Walter Moberly’s The God of the Old Testament– Part Twenty One

Walter Moberly’s The God of the Old Testament– Part Twenty One February 26, 2021

Q. On p. 153 you enunciate a principle of how to read the OT which in fact I have stressed throughout my treatment of such things in my Biblical Theology volume. You say, “The OT does not address the issue of eternal destiny (however much its content may be open to being developed in such terms) but rather is concerned with the relationship with God and the purpose of life in this world.” The only caveat I would have to this remark is that in the exilic and post exilic literature such as 2nd and 3rd Isaiah and Daniel we do begin to have evidence of a belief in a positive and negative afterlife, but overwhelmingly you are right about the focus of the OT on this world and this life and interaction with God. This means to me that much of the reading of later Christian ideas etc. back into the OT does a severe injustice to the OT. I say let the OT be the OT and don’t turn it into a Christian allegory, much less turn OT characters into Christians. BUT, at the same time there is a basis for considering developments and trajectories into the later Christian ideas, for example by means of typology. Here however is the question— if the God of the OT is the same as the God of the NT, just not fully revealed in the OT, how do we avoid seeing Jesus and the NT portrayal of God as not in some ways a corrective of the image of God in the OT?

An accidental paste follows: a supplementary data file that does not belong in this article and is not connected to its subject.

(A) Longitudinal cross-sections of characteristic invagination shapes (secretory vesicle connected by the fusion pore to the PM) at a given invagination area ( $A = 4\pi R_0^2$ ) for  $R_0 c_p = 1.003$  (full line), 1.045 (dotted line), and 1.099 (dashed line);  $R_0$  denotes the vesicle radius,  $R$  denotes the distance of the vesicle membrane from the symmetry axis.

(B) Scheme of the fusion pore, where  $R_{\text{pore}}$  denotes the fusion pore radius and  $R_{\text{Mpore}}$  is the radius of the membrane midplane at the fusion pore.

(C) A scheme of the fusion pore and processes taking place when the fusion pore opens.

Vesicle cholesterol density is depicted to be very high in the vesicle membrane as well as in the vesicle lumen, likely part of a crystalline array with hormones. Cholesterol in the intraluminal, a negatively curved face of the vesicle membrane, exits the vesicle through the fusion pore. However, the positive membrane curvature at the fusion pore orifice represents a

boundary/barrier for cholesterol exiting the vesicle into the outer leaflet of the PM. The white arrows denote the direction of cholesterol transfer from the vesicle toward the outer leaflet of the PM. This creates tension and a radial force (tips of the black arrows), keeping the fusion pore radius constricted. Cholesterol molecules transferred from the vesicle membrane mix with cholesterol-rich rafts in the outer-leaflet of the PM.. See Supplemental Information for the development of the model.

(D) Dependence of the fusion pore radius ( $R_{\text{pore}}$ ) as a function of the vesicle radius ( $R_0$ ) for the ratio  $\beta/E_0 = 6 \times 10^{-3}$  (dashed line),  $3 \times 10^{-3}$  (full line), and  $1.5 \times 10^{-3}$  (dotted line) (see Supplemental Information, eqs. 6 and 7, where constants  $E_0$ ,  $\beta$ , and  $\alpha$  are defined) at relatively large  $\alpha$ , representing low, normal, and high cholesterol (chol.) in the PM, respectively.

A. Although there is a place for typology, I’m more inclined to see the developments into specifically Christian ideas in terms of a deepening, and sometimes reframing/reshaping, of the subject matter. I think I develop this most fully in my Prophecy and Discernment, where I try to show how basic criteria for discerning whether or not someone’s claim to speak for God should be credited are set out in the OT. I then argue that the NT takes these as read, and works with them, yet simultaneously reshapes them into a more christocentric pattern (given particular focus by self-giving death and resurrection) than is found in the OT. So the issue is less “correcting” than “deepening” – or, in Matthean terms, not “abolishing” but “fulfilling”. But here too there is much more that could be said…

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